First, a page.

OCEAN CITY – In an effort to find new sources of material offshore for the ongoing beach replenishment project, a public meeting was held Wednesday night to outline the program, identify the areas under consideration and allow for public comment.
According to the U.S. Army Corps of Engineers, the identified sources of sand offshore for the beach replenishment project in Ocean City could be exhausted by 2010, well before the project is to be completed in 2044.
In 1994, construction for the project was completed, providing protection against coastal flooding and erosion for a 100-year storm event and also providing for a 50-year economic life. The project called for widening and raising of 8.2 miles of beach, adding a steel sheet pile bulkhead to 1.5 miles of beach and adding sand dunes from 28th Street to the Maryland-Delaware line.
“To maintain that project, we have to nourish that beach every four years,” said Army Corps Project Manager Mary Dan, who added the next replenishment is slated to occur in 2010.
The Army Corps has estimated that 6.8 million to 15 million cubic yards of sand will be required for beach replenishment through the project’s completion in 2044. The disparity in the estimate takes into account the storms that could ravage the coast during that time.
With the current sources of sand nearing exhaustion, the Corps began identifying areas that could be used for the beach replenishment project. Areas considered included the mainland, the bottom of the coastal bays, offshore shoals and the ocean floors. The offshore shoals were chosen as the best option due to the large quantities of sand available, impacts and cost effectiveness.
According to Army Corps officials, there are 22 shoals within 15 miles of the shore. Of those, roughly eight were chosen as sand source possibilities. The eight shoals were chosen based on their proximity to the shore.
Upon examining the eight shoals to meet environmental, economic and engineering conditions, three shoals were selected for consideration, Shoal “A”, the Isle of Wight Shoal and the Weaver Shoal.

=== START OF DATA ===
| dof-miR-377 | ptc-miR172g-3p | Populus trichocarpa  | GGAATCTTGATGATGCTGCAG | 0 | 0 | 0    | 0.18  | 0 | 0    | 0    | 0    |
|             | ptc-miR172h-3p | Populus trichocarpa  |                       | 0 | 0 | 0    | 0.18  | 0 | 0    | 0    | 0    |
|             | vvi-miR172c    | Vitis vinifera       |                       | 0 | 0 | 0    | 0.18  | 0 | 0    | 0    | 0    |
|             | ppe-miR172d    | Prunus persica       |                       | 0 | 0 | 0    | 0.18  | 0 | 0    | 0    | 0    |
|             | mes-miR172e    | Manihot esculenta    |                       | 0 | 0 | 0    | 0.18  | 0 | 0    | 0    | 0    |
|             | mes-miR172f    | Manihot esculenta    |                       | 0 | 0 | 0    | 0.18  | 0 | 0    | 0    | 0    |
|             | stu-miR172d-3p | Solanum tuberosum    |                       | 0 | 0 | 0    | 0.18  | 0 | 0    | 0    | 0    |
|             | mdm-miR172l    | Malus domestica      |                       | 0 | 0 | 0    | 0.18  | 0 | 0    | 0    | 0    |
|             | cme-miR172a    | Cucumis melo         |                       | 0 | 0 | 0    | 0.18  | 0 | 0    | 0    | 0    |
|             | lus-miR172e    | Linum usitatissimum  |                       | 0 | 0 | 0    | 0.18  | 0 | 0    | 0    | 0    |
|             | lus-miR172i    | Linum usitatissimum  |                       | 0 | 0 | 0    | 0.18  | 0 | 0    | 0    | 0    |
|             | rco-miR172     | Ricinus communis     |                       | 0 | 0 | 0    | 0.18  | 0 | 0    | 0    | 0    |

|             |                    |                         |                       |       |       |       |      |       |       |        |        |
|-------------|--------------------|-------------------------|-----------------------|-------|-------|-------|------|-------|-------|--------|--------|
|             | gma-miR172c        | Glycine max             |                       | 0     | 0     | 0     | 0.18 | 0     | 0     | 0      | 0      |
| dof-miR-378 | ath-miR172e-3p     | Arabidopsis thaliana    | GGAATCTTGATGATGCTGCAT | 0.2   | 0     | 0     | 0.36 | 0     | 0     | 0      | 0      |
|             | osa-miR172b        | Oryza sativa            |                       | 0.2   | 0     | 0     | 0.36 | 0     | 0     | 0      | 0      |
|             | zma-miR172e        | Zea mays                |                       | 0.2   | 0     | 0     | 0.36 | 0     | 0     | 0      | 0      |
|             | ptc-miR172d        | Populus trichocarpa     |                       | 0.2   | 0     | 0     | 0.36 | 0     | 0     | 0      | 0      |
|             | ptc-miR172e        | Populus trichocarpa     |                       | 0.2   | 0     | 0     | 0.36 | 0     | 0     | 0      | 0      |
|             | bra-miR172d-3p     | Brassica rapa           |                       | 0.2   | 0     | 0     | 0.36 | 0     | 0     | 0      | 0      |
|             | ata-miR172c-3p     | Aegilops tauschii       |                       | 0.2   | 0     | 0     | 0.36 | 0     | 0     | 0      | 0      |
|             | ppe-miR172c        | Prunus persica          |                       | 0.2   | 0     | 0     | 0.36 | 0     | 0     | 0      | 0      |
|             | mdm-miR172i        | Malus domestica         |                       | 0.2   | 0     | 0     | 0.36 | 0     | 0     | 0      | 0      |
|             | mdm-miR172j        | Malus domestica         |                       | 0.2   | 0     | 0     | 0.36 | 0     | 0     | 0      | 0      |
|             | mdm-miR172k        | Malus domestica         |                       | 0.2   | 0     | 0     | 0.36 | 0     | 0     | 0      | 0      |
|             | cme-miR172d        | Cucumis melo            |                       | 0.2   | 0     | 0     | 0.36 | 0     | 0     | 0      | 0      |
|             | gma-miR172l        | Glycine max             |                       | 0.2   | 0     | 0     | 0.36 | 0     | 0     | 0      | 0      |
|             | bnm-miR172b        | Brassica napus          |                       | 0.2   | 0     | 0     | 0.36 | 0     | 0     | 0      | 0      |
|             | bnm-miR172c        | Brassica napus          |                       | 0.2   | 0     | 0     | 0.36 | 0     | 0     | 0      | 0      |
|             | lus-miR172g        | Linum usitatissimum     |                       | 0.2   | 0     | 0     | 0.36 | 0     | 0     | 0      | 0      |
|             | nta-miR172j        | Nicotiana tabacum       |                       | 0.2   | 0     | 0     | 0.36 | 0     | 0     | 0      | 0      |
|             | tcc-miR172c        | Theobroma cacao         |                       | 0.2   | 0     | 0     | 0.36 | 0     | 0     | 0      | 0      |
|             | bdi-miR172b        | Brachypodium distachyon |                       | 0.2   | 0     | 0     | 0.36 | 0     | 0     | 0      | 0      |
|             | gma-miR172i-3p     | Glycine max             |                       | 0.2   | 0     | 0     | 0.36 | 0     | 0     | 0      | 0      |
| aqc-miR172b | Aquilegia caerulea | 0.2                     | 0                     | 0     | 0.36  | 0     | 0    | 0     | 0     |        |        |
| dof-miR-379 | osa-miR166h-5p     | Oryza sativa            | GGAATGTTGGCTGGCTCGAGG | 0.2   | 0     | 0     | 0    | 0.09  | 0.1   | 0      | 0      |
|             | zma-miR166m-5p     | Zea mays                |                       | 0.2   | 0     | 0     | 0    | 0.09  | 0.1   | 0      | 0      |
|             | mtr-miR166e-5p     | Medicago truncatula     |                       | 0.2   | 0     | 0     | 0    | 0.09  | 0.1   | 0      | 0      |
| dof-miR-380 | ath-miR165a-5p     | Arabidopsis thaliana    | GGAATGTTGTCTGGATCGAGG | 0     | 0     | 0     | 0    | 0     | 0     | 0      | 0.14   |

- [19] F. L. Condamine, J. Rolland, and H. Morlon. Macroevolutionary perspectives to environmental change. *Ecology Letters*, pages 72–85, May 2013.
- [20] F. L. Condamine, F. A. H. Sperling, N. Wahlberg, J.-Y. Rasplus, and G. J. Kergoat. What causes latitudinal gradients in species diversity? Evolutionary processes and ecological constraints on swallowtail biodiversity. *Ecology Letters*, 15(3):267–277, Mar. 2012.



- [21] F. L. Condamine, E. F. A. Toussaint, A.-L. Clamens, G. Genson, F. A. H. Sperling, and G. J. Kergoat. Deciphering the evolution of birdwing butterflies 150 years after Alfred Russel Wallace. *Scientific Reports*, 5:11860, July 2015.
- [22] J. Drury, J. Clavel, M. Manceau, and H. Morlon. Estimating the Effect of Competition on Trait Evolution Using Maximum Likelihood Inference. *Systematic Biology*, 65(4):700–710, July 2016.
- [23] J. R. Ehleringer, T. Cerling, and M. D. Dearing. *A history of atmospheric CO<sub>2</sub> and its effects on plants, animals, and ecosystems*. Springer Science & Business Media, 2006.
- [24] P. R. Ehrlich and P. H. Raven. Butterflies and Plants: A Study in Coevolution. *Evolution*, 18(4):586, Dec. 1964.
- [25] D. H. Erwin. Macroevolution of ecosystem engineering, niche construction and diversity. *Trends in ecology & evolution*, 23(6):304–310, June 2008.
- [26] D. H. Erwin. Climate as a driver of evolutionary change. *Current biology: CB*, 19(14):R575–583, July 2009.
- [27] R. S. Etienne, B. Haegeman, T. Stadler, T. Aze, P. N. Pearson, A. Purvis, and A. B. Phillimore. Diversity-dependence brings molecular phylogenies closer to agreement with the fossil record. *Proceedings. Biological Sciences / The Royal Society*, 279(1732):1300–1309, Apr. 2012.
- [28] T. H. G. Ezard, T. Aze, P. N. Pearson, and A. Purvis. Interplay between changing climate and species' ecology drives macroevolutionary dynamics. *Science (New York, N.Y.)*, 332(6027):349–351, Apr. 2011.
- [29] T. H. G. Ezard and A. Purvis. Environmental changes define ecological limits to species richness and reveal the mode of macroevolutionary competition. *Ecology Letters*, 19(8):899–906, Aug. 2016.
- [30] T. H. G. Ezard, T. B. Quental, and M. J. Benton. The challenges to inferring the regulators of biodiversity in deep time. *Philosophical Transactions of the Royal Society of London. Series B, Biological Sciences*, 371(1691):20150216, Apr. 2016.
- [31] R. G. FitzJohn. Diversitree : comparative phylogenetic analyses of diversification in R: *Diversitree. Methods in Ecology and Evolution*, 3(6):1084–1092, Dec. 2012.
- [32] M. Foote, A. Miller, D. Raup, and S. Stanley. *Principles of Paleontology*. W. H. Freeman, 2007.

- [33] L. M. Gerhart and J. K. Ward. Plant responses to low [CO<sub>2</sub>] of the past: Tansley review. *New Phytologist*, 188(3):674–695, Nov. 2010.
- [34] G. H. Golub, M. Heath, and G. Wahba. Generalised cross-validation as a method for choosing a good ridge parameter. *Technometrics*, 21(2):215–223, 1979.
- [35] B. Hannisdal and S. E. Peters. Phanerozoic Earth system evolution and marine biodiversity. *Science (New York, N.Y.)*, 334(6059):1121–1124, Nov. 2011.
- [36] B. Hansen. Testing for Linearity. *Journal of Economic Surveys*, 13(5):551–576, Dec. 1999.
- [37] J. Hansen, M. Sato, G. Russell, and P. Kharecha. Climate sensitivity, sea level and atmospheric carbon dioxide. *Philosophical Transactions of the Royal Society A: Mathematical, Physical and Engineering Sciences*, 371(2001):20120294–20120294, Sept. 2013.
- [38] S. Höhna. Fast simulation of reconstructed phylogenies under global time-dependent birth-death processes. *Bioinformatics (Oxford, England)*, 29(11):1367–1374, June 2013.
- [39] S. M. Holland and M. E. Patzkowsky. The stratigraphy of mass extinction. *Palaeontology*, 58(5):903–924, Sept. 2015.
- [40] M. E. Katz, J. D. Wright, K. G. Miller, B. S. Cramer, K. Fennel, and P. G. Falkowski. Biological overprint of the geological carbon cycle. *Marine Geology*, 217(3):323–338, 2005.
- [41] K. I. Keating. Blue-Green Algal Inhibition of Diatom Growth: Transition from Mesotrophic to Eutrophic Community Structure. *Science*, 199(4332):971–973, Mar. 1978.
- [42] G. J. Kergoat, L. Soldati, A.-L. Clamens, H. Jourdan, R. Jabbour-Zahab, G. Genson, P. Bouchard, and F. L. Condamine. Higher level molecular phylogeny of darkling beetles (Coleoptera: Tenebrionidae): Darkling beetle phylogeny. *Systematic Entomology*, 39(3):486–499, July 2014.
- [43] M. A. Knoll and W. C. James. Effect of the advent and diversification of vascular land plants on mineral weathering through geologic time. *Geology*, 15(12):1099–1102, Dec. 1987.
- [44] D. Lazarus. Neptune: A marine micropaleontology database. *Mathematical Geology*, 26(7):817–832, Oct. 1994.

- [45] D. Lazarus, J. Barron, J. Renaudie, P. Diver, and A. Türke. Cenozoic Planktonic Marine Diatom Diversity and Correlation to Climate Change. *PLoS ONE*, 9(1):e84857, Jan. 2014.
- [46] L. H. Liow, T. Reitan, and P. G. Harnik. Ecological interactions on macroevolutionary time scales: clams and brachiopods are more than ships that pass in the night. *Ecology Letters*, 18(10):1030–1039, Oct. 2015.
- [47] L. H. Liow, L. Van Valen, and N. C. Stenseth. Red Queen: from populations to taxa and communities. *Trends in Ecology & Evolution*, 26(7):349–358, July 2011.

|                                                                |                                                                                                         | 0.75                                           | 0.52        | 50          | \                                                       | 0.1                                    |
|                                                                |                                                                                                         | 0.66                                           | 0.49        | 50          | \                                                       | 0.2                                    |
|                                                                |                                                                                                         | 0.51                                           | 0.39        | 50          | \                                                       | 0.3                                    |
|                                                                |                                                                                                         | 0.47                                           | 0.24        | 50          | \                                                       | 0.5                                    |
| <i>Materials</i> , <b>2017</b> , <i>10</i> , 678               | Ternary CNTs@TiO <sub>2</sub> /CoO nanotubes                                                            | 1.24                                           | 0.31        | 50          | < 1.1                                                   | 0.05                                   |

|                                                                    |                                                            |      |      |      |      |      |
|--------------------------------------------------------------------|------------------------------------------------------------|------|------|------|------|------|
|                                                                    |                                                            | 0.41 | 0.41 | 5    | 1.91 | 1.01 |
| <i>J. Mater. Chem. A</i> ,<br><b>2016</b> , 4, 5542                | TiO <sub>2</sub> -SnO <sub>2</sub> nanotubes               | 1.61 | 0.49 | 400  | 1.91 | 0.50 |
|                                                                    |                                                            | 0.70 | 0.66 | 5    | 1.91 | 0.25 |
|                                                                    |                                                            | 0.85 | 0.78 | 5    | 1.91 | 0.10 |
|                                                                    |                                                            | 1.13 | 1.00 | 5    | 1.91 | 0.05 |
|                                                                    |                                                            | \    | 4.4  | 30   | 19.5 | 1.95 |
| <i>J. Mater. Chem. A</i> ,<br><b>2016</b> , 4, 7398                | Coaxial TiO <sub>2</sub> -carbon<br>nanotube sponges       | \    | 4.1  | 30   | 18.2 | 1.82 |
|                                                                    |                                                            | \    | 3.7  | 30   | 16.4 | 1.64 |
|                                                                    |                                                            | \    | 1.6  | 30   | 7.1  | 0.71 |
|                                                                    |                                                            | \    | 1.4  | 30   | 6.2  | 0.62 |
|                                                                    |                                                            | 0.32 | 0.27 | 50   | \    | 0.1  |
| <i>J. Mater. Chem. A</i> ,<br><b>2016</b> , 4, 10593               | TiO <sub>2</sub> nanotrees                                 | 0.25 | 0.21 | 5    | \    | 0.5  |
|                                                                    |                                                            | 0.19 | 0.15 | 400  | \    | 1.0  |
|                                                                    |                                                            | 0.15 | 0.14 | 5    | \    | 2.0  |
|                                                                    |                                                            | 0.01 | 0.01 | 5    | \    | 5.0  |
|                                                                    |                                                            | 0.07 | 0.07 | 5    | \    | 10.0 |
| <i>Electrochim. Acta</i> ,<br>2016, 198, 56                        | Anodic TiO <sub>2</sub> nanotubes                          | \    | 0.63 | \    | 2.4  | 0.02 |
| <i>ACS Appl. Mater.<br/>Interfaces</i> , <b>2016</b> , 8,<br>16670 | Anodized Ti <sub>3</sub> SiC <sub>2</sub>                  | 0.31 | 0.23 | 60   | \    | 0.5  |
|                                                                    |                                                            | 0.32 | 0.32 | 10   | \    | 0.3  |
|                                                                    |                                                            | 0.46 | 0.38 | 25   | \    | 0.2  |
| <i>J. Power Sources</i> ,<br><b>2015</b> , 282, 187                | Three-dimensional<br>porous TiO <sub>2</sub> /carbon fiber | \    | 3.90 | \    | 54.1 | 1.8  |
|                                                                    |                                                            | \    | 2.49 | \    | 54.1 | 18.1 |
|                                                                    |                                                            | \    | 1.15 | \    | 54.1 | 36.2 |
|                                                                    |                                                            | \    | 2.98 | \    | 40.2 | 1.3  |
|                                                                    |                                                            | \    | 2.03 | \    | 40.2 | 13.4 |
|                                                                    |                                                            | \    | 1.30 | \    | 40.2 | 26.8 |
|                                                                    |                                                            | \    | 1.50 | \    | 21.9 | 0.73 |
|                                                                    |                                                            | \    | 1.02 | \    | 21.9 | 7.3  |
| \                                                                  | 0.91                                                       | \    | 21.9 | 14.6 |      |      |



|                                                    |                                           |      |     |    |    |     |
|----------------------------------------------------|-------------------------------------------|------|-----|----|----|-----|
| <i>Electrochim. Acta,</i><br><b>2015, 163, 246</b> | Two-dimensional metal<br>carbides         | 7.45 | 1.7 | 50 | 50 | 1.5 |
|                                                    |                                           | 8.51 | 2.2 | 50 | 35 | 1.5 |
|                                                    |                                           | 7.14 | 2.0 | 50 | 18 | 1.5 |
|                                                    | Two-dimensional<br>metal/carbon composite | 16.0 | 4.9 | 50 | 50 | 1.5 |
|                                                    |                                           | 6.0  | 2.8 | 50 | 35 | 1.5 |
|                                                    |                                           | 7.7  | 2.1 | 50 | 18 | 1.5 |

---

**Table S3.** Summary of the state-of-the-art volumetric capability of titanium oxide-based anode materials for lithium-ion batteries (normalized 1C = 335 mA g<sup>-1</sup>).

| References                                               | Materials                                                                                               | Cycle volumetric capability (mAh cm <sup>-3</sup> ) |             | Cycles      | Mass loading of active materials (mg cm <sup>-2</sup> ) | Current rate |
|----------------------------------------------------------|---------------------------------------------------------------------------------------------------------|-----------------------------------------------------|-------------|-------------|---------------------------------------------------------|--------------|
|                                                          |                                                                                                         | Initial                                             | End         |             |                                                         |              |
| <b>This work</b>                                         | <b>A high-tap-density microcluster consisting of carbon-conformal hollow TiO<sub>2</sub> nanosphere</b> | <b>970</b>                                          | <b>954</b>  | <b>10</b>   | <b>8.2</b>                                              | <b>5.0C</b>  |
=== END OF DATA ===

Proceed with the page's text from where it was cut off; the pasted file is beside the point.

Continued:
Also under consideration was Shoal “B”, also known as Bass Grounds and the First Lump. Shoal “B” has been ruled out for the time being due to its value to the fishing community. Should its value as a fishing ground decrease in the future, the shoal could be re-evaluated and considered as a sand source.
Army Corps of Engineers official Chris Spaur explained that the living environment and habitat were major factors in choosing the shoals. The living things that can be found on the shoals are squid, sea turtles, birds, varieties of sea mammals, sand dollars, moon snails and 300 species of finfish. The shoal is also the tallest feature of the predominantly flat sea floor.
To prevent any significant upset to the shoal habitat, the Corps plans to take less than 5 percent of volume for each shoal. They will also avoid the crest of the shoal where sea birds dive for food and dredge from the ends rather than the middle. The plan also calls for dredging from wider, spread out area as opposed to deep, isolated areas.
“We expect the life of the seafloor to be recovered fairly quickly,” Spaur said.
Spaur explained that although environmental impact is unavoidable, officials expect that it will be minimal and easily recovered. To help with recovery, dredging would occur in the spring and fall, avoiding the cold months when it would be more difficult for fish to move away from the dredge quickly.
“We’re in a luxurious situation,” said Spaur as he explained the ample amounts of sand available in the shoals.
The three shoals could potentially provide 70 million cubic yards of sand for replenishment, which well exceeds the 15 million needed by 2044.
Spaur stressed the importance of beach replenishment and the necessities for more sand sources.
“Basically without the beach nourishment, you wouldn’t have a beach in Ocean City,” he concluded.
After the presentation, a period of formal comment was allowed.
Merrill Campbell, a commercial fisherman in West Ocean City, spoke on behalf of the fishing industry.
“As stakeholders in the fishing industry, we have a few concerns,” Campbell said.
One of the main points that Campbell addressed was the potential threat to the sturgeon fish that inhabit the Weaver Shoal. Campbell suggested that the situation be examined more closely before doing anything that could threaten the fish’s welfare.
Campbell also suggested that the sand being pumped from the Inlet and the sand that is naturally filling the coastal bays each year be considered as a sand source.
Campbell did show support for the plan’s goal to take only 5 percent of the volume of each shoal, commending the Corps for the restrictions.
“We are affected by reduced fishing areas,” Campbell said, explaining that any loss of potential fishing area could be detrimental to the fishing industry. Campbell concluded that his recommendation would be for Shoal “A”.
The opportunity for public comment will continue until Aug. 28. All comments will be added to the Environmental Impact Study before a final decision on the sources is made.